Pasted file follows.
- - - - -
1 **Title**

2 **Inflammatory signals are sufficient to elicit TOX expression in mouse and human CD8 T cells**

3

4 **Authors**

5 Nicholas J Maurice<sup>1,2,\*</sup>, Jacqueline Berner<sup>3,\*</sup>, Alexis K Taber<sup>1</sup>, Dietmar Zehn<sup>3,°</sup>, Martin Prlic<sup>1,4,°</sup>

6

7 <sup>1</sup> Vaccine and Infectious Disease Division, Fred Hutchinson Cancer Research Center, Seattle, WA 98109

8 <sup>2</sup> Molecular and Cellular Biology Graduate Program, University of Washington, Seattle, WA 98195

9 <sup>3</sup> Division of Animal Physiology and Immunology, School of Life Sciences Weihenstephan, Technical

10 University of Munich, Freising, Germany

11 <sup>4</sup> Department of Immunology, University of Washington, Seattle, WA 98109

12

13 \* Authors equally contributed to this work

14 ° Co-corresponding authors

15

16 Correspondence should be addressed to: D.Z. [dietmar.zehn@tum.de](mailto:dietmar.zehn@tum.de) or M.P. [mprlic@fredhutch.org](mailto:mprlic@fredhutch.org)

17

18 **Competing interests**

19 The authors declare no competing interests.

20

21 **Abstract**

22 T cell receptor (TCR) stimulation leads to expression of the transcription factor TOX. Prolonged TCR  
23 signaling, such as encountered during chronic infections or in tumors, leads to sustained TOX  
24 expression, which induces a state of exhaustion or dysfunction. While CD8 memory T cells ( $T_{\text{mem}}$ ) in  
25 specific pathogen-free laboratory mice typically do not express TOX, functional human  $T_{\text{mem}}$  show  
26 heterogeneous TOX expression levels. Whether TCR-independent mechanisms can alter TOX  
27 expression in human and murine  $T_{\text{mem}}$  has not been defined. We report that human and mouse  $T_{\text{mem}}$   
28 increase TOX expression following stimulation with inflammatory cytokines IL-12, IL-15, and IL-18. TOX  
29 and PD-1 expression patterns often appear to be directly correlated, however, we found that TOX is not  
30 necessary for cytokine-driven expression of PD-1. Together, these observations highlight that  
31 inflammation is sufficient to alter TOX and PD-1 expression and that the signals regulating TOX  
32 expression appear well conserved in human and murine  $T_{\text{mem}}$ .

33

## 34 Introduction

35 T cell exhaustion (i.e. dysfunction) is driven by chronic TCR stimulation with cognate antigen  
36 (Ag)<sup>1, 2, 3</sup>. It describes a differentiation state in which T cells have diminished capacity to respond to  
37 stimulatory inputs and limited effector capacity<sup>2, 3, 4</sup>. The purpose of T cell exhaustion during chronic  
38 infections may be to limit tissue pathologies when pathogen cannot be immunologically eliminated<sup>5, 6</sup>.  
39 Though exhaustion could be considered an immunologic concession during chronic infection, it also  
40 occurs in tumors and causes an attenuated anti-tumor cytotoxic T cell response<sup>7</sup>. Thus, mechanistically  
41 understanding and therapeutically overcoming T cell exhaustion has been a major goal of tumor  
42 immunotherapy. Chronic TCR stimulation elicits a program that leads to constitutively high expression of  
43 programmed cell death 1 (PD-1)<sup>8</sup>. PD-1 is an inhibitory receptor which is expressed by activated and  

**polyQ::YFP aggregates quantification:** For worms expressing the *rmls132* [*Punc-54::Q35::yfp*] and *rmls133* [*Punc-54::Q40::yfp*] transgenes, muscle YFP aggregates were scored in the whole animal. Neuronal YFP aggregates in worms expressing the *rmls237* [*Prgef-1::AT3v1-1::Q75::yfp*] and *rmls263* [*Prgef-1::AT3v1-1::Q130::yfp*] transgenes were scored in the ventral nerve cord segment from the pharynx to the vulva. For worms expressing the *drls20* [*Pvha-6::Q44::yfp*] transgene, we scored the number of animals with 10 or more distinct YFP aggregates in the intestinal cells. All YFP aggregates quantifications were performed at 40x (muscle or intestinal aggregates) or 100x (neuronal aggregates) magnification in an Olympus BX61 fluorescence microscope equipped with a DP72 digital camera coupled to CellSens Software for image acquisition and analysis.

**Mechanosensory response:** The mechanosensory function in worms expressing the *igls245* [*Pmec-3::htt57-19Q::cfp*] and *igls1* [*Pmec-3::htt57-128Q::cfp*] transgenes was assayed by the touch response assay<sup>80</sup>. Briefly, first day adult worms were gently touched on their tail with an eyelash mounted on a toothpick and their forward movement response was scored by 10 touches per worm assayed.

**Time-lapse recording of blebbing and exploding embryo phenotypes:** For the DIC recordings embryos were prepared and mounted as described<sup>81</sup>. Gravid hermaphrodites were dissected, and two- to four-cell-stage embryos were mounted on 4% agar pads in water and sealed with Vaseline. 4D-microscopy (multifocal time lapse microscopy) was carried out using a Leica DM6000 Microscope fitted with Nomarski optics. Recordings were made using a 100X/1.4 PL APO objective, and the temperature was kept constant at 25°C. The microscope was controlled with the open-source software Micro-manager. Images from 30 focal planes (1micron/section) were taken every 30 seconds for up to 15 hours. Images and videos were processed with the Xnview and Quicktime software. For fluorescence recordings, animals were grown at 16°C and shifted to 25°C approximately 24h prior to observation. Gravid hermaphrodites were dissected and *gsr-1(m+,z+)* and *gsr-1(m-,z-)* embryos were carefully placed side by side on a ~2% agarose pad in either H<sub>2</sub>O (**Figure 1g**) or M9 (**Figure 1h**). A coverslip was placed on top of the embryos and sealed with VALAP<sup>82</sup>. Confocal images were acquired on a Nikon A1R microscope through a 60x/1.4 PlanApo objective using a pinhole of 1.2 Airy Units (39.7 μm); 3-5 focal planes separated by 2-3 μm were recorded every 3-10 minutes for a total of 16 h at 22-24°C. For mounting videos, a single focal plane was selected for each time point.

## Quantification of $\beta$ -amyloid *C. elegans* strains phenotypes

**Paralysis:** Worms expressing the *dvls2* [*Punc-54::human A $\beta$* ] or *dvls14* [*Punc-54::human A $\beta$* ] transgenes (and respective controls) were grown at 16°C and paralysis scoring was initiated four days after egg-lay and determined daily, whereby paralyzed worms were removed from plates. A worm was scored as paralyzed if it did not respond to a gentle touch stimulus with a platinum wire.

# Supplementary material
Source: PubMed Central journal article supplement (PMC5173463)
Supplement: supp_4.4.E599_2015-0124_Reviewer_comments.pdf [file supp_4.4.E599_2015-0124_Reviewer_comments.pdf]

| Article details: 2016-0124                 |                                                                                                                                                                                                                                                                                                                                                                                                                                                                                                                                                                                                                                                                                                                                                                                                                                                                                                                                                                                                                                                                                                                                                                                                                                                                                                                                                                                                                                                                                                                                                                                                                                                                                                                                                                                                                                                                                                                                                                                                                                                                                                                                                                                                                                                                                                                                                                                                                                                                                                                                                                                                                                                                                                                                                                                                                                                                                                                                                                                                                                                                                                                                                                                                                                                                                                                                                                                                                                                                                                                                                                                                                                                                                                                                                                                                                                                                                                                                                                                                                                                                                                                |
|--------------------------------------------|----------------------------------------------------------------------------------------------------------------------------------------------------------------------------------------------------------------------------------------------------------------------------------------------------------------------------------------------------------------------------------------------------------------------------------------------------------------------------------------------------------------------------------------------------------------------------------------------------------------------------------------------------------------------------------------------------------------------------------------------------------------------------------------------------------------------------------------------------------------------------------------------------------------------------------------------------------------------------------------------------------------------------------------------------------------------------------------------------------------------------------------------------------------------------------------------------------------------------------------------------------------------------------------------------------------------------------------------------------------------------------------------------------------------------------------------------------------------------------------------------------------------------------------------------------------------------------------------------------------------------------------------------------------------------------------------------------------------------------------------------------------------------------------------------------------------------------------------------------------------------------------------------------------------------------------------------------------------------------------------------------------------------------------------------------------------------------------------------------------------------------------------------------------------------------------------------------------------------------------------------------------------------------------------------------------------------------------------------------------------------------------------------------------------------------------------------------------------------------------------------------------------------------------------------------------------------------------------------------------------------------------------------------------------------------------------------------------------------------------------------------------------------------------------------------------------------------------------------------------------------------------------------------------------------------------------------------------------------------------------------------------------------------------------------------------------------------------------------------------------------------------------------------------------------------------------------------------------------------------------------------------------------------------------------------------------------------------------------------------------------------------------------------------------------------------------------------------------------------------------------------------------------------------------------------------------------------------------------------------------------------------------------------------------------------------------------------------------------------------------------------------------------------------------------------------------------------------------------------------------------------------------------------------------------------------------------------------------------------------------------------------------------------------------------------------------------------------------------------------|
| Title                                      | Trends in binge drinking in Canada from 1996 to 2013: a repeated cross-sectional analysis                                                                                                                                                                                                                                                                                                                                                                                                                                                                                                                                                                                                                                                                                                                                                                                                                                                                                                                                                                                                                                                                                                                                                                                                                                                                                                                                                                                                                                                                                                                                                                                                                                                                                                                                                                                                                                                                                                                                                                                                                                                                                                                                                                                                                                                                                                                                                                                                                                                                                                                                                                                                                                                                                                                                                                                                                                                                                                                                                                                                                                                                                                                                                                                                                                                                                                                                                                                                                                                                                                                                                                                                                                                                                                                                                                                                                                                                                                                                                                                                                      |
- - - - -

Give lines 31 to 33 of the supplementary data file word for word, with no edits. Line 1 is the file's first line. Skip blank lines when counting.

31 inflammation is sufficient to alter TOX and PD-1 expression and that the signals regulating TOX  
32 expression appear well conserved in human and murine  $T_{\text{mem}}$ .

33